In the Middle Ages, zero was disparaged as a mark of infidel sor-

cery, the sign of the Devil himself, the canceller of all meaning. For the

Mayans, Zero was the Death God among their lords of the underworld,

and men adopting the persona of Zero were ritualistically sacrificed in

hopes of staving off the day of zero, the time when time itself would stop.

Yet, over time, various unaviodable mathematical questions demanded

that the idea of zero, and the idea of negative number, be addressed. In

later years, zero was reinterpreted as a symbol of Gods power to create

a great deal out of naught.

For a long time, number systems were treated as languages that

mathematical scientists just cooked up. But people eventually realized

that this was not a dependable way to create mathematics. It could

lead to paradoxes and contradictions. In the twentieth century we have

realized that it is most rigorous, and minimizes the chance of error, to

actually construct our number systems.

The purpose of the present chapter is to describe the twentieth-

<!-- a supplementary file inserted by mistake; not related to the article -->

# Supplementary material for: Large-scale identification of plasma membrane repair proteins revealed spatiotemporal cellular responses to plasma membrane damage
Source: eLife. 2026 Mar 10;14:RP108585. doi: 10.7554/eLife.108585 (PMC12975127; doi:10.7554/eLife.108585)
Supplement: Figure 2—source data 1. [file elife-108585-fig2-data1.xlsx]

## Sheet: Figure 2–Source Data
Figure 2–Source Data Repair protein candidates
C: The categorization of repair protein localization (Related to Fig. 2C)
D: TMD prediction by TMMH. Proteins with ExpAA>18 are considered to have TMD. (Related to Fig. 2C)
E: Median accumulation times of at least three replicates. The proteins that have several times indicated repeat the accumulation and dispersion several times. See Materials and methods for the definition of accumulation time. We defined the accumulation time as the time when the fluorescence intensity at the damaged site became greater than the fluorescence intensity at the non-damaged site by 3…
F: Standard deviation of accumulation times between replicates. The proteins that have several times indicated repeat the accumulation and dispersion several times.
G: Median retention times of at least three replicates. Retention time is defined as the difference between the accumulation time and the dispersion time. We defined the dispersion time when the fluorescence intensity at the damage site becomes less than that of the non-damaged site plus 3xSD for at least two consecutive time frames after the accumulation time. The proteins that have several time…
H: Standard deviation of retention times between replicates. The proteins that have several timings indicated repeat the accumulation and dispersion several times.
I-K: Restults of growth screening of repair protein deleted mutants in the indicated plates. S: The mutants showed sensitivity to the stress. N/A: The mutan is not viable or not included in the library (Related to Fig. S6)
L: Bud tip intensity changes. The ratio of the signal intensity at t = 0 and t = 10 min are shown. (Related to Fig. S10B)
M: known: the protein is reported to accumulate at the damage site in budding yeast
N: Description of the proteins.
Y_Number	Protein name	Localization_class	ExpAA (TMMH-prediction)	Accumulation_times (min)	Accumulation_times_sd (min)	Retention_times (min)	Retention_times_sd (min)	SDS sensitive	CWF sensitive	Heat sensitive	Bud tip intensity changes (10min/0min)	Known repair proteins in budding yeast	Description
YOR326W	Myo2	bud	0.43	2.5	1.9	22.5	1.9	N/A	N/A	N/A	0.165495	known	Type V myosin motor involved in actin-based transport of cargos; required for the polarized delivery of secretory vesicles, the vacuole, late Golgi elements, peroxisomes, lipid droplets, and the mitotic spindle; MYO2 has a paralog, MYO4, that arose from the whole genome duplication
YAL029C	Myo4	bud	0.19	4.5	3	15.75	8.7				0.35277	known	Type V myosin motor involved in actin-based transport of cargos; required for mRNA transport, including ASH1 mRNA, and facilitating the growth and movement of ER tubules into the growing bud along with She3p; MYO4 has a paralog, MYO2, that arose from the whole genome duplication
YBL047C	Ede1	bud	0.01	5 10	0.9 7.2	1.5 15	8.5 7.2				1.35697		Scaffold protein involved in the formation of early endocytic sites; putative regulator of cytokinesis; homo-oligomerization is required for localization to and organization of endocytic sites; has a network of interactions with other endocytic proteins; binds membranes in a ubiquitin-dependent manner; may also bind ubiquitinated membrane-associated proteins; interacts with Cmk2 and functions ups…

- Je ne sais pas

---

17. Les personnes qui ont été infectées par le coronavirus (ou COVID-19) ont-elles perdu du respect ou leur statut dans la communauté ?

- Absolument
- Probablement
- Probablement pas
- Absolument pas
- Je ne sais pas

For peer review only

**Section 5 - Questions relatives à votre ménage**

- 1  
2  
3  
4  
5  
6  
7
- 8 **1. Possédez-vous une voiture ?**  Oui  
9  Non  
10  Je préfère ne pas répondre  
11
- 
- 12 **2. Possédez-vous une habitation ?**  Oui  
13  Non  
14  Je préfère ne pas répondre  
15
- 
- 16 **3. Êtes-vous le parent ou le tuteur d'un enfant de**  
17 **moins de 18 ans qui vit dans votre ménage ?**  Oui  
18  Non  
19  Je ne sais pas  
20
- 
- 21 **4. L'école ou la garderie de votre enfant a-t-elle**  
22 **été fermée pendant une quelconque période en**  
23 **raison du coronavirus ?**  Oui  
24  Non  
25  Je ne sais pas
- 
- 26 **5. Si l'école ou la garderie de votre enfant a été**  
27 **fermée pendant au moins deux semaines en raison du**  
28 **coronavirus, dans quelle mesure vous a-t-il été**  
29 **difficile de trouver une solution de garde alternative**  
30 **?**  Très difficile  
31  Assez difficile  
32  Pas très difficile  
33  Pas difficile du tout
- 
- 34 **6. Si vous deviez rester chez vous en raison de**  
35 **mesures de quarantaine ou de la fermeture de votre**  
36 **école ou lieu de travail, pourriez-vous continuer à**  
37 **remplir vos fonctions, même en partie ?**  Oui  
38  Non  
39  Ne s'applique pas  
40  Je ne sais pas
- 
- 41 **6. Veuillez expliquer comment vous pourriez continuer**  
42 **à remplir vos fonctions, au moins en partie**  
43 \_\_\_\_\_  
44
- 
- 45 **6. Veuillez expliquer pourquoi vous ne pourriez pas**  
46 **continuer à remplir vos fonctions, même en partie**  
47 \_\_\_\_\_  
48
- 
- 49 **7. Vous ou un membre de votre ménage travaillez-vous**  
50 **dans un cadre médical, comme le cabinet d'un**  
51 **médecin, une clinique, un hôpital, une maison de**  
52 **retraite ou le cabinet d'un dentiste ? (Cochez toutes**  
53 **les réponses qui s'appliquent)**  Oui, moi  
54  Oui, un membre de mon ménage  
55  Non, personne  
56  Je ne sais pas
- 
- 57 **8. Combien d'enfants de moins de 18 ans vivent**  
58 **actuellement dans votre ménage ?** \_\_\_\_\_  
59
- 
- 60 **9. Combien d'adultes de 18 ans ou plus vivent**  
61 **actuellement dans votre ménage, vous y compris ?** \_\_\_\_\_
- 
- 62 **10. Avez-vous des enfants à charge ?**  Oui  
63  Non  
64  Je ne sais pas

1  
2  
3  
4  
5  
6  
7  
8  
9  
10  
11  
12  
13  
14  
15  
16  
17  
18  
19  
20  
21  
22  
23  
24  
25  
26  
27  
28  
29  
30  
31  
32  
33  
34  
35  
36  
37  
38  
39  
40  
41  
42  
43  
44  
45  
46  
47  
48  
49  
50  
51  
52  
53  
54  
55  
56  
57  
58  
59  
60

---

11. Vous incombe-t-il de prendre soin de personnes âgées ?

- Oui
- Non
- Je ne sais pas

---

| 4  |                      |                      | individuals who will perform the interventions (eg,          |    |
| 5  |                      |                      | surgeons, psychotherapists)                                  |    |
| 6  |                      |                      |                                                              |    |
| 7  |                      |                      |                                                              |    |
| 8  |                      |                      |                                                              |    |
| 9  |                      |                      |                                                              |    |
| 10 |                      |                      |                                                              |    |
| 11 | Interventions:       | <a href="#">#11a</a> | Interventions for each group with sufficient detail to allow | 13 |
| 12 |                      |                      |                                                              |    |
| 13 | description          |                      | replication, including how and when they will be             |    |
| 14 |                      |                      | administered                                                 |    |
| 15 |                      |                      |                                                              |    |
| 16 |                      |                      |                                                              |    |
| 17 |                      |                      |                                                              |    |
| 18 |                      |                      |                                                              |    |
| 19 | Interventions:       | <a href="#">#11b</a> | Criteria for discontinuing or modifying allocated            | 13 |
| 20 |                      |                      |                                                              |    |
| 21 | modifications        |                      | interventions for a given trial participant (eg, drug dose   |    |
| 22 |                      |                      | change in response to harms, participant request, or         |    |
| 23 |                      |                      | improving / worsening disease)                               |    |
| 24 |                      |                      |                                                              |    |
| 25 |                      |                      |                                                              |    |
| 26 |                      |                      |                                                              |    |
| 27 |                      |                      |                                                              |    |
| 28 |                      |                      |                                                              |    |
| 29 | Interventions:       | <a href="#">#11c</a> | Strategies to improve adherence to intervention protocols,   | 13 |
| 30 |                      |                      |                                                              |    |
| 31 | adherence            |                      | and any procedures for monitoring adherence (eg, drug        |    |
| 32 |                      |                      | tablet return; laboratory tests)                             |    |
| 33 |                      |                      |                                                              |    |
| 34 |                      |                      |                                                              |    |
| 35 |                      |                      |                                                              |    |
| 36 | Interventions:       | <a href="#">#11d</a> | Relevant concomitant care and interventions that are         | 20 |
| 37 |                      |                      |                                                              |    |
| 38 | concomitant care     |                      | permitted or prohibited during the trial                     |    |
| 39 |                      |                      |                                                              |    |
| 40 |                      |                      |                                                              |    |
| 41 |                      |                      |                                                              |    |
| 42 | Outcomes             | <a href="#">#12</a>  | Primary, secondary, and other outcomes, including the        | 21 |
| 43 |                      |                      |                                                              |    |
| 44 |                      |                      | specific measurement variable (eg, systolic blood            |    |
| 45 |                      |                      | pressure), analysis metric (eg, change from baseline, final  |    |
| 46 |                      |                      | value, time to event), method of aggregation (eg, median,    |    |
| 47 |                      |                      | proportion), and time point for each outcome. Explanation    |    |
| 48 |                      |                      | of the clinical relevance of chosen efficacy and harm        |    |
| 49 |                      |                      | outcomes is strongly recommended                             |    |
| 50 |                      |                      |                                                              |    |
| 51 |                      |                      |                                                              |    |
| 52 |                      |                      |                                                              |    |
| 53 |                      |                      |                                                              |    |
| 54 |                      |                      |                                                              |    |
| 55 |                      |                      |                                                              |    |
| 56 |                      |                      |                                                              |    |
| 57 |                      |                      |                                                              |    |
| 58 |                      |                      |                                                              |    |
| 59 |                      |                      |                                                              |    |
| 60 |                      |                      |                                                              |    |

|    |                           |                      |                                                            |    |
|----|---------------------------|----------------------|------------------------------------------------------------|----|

century methodology for creating and studying number systems. It is

a fascinating journey, and will bring us into contact with a number of

captivating people as well as ideas.

An important point to note, and we have discussed this idea else-

where, is that the formalization of our number systems helped to remove

them from religious considerations. The fact that we have an abstract

construction for the integers means in particular that we need no longer

worry that zero is a construct of the devil. We may now safely feel that

the number systems are constructs of man; they are part of our mathe-

matical machinery, that we ourselves have created to treat problems at

hand.

15.1 The Natural Numbers 345

15.1.1 Introductory Remarks

It is in fact quite difficult to constructfrom first principlesa system

of natural numbers in which the arithmetic operations are workable.

Multiplication is particularly troublesome. In many treatments, an extra

axiom is added in order to make multiplication have the properties that

we want it to have (see [SUP, p. 136]). In other treatments, the natural

numbers are taken as undefinables. We will take a third approach, which

adheres more closely to the philosophy of ordinal numbers.

Recall that is the empty set, that is the set with no elements (see

Section 14.2). We inductively construct numbers as follows

0 =

1 = {}

2 = {, {}}

...

n + 1 = n {n}

....

These are the natural numbers. The set of natural numbers is denoted

by N. We commonly enumerate them as 0, 1, 2, . . . .

What is important about the natural numbers, indeed about any

number system, is its closure under certain arithmetic operations. Our